Also, do the initial conditions affect the range and domain in any way?

    I'd love some clarification if you can offer it. Thanks!
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    Quote Originally Posted by Kaitosan View Post
    Hey, I've another question. What would you say is the range and the domain of that function? It looks like the function can't be over y=1. Is that right? Also, suppose that an expression like (abs(x-3)) is thrown in along with (abs(1-y)), does that mean that x must be more than or equal to three while y must be less than or equal to 1?

    Also, do the initial conditions affect the range and domain in any way?

    I'd love some clarification if you can offer it. Thanks!
    range of y = 1 + 9e^{-\frac{x^2}{2}} is 1 < y \leq 10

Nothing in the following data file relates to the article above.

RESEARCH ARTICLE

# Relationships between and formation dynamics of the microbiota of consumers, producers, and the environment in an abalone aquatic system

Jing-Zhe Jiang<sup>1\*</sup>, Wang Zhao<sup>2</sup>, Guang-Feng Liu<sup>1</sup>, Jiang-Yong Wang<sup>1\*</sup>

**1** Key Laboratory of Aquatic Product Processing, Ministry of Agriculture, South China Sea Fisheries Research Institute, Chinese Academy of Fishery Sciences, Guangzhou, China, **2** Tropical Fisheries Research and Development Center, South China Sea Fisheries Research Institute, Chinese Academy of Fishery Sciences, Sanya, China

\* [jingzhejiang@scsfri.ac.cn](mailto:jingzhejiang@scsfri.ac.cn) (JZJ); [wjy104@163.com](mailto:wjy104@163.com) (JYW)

I don't follow your 2nd question ... how is |x-3| related to |1-y| ?


    yes ... initial conditions can affect both domain and range of a function.

    consider the DE \frac{dy}{dx} = \frac{x}{y} , y \neq 0

    find the solution with initial point (1,2), then find the solution with initial point (3,-1) ... you'll find that domain and range for both solutions are very different.
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    One last question! Are the "initial conditions" the very first coordinates that are defined for a function?
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    Quote Originally Posted by Kaitosan View Post
    How do you simplify (abs(1-y)) = 9e^[(-1/2)(x^2)]?

    The answer is y = 1 + 9e^[(-1/2)(x^2)] but for some reason I keep getting y= 1 - 9e^[(-1/2)(x^2)].